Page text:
As of 16 March 2013, late payment law has changed. All businesses and public sector organisations (whether buying or selling goods or services) will be affected.

It is important that all buyers or sellers of goods or services are aware of the changes. Although we expect little substantial impact from this change in law, it is a good trigger to review your buying and selling practices and ensure you are taking an appropriate approach.

Here, Wragge & Co's commercial law experts look at what the changes mean.

What does this mean for private sector procurement?

A maximum payment period in contracts of 60 days.

  • Buyer and seller can agree different payment days but only if that is not "grossly unfair".
  • This is a change in the law.

The default interest rate on late payment is 8% above the Bank of England reference base rate.

  • Buyer and seller can agree a lower rate as long as there is a "substantial remedy" for late payment.
  • No change to the law.

Compensation is also payable for late payment (as well as interest).

  • To the sum of £40 for debts less than £1,000, £70 for debts more than £1,000 but less than £10,000 and £100 for debts of £10,000 or more. Plus any additional reasonable costs the supplier incurs above these fixed levels.
  • The addition of reasonable costs is new.
  • The fixed sums are not new.

What does this mean for public sector procurement?

A maximum payment period in contracts of 30 days.

  • Buyer and seller cannot agree a longer period.
  • This is a new change in the law.

The default interest rate on late payment is 8% above the Bank of England reference base rate.

  • Buyer and seller can agree a lower rate as long as there is a "substantial remedy" for late payment.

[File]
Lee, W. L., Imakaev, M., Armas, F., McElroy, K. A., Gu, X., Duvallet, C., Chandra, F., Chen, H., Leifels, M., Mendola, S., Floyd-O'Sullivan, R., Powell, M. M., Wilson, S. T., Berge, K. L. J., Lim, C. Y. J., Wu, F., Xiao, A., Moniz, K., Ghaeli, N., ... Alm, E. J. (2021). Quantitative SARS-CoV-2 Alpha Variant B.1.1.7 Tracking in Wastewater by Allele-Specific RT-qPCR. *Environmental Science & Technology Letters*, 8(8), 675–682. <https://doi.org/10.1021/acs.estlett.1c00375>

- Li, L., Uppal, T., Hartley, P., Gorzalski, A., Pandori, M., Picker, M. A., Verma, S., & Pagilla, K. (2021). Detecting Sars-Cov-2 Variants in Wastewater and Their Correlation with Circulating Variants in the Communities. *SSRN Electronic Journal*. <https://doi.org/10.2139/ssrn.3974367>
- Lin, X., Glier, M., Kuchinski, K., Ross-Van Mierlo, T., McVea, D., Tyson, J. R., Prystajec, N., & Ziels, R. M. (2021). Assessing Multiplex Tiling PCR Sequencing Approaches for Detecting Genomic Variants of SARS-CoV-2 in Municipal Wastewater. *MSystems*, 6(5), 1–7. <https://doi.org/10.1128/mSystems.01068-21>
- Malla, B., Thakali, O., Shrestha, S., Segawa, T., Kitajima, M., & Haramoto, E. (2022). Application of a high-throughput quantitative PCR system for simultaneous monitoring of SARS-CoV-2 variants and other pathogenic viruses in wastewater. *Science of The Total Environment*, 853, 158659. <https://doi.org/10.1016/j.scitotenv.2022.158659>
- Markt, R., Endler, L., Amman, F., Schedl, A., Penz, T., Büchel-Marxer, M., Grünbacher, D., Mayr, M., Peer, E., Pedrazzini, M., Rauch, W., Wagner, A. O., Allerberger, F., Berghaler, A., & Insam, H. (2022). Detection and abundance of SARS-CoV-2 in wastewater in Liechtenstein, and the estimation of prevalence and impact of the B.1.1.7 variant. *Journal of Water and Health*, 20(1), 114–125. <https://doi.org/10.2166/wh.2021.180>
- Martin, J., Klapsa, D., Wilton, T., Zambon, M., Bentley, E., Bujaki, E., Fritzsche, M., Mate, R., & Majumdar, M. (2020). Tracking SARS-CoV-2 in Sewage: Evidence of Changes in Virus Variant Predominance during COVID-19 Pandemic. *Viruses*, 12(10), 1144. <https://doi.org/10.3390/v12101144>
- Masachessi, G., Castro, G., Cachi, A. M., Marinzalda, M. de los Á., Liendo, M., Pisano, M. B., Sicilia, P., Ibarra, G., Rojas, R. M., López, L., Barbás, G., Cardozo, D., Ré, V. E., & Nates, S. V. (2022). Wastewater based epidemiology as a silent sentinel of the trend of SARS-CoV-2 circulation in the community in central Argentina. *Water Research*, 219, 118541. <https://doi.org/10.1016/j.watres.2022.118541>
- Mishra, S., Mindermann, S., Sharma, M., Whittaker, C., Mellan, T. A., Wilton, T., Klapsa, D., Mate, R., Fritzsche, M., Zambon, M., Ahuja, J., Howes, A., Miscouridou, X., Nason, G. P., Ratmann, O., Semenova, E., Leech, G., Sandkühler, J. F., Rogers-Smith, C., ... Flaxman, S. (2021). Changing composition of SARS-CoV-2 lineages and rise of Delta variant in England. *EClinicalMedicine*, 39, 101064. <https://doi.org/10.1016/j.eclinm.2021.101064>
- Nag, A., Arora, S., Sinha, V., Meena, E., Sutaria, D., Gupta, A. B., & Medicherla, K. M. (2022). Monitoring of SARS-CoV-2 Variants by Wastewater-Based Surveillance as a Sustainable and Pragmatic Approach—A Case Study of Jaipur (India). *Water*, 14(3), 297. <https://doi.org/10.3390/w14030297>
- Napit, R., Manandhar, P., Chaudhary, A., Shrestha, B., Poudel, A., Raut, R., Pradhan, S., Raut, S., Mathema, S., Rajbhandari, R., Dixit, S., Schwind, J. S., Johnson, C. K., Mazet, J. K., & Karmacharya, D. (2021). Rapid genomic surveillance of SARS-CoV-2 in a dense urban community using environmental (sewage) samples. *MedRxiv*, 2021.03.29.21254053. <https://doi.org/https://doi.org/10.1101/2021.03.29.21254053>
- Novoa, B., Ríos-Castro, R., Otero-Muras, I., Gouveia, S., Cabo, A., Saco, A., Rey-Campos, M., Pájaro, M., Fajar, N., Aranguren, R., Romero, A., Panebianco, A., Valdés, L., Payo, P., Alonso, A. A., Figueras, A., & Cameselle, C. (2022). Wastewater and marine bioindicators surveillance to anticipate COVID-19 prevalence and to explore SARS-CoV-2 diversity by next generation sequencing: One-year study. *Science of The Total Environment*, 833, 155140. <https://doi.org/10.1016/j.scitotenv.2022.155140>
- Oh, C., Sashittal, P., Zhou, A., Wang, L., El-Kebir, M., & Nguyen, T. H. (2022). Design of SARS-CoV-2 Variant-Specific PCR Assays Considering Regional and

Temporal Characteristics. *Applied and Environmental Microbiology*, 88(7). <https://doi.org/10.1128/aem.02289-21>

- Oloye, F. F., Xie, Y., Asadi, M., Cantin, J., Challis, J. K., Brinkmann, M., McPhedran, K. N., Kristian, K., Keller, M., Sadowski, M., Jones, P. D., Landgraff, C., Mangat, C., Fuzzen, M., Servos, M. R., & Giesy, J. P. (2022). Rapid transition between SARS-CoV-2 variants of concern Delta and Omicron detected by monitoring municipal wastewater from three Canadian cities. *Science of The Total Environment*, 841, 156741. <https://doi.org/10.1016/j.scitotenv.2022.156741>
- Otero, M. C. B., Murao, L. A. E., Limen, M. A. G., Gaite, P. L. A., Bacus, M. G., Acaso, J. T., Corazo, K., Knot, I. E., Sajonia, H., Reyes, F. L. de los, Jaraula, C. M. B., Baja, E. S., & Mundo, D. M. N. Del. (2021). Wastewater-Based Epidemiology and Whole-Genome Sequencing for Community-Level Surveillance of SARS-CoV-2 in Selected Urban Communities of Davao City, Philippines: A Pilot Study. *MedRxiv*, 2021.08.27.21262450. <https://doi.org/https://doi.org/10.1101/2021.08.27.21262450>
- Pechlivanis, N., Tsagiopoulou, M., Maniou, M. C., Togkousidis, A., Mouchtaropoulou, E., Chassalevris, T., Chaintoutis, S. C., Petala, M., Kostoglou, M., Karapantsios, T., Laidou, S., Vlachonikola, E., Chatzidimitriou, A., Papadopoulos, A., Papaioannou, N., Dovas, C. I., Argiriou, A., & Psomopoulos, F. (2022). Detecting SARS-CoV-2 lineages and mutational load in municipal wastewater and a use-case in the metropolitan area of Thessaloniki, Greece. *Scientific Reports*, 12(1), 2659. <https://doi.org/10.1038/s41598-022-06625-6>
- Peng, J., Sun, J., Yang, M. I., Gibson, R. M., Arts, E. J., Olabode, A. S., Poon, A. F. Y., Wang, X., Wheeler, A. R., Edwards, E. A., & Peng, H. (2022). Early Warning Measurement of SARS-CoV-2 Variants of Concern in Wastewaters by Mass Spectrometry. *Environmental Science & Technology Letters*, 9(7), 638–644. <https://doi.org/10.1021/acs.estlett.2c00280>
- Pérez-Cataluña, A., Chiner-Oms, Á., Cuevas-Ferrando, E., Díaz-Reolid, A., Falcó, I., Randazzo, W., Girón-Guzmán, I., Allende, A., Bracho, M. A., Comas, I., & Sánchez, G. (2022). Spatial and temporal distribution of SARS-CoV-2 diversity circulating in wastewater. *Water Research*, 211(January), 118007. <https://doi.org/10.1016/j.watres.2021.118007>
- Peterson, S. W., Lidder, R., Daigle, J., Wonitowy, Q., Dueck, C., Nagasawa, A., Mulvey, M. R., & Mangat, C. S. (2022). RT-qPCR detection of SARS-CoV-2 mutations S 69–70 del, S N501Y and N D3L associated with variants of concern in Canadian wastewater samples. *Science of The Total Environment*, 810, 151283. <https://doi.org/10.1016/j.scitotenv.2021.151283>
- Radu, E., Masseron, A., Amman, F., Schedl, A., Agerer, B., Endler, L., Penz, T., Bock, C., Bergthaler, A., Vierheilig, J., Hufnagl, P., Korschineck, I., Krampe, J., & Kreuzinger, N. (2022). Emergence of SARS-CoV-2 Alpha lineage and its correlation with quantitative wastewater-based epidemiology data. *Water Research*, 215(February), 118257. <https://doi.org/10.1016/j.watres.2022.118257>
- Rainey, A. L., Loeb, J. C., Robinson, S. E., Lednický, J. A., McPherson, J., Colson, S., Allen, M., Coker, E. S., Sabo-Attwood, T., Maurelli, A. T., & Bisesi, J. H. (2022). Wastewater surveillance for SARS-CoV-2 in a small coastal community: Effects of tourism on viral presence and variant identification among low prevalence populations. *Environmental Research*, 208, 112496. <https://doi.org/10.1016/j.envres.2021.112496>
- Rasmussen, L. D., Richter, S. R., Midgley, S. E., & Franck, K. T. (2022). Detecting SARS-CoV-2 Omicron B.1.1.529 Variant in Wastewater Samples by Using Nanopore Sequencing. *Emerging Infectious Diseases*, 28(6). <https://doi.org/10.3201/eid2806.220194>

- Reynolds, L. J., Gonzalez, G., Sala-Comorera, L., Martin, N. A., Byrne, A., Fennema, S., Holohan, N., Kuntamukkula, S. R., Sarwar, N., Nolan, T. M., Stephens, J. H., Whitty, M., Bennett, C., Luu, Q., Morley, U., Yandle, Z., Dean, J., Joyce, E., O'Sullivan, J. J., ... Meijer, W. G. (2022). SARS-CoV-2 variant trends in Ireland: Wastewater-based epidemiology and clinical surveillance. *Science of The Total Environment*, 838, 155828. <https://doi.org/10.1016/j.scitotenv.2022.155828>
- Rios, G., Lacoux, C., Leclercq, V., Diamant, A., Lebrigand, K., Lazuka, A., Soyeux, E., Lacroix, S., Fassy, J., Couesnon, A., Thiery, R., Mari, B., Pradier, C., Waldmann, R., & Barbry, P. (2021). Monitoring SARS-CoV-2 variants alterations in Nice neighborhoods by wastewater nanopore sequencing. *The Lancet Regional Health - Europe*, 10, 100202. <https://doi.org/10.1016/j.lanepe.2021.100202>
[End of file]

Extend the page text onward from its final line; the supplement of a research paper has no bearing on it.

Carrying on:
• No change to the law.

Compensation is also payable for late payment (as well as interest).

  • To the sum of £40 for debts less than £1,000, £70 for debts more than £1,000 but less than £10,000 and £100 for debts of £10,000 or more. Plus any additional reasonable costs the supplier incurs above these fixed levels.
  • The fixed sums are not new. The addition of reasonable costs is new.

I am a private sector buyer. My standard payment terms are 90 days. Can I do this?

Yes, but only if it is not "grossly unfair".

What does "grossly unfair" mean?

The new legislation does not give a clear definition of the words "grossly unfair". However, it explains that account should be taken of:

  • Whether there is a gross deviation from good commercial practice which is contrary to good faith and fair dealing.
  • The nature of the goods or services.
  • Whether the purchaser has any objective reason to deviate from the default position established by the law.

It is very unclear what this means! We will need to wait for a few court decisions to be sure. But, we expect that a court will be reluctant to intervene where:

  • Extended payment terms are normal in a particular sector or a particular type of goods or service supplied.
  • Both buyer and seller are substantial businesses.

We believe that a court is more likely to strike out extended payment terms: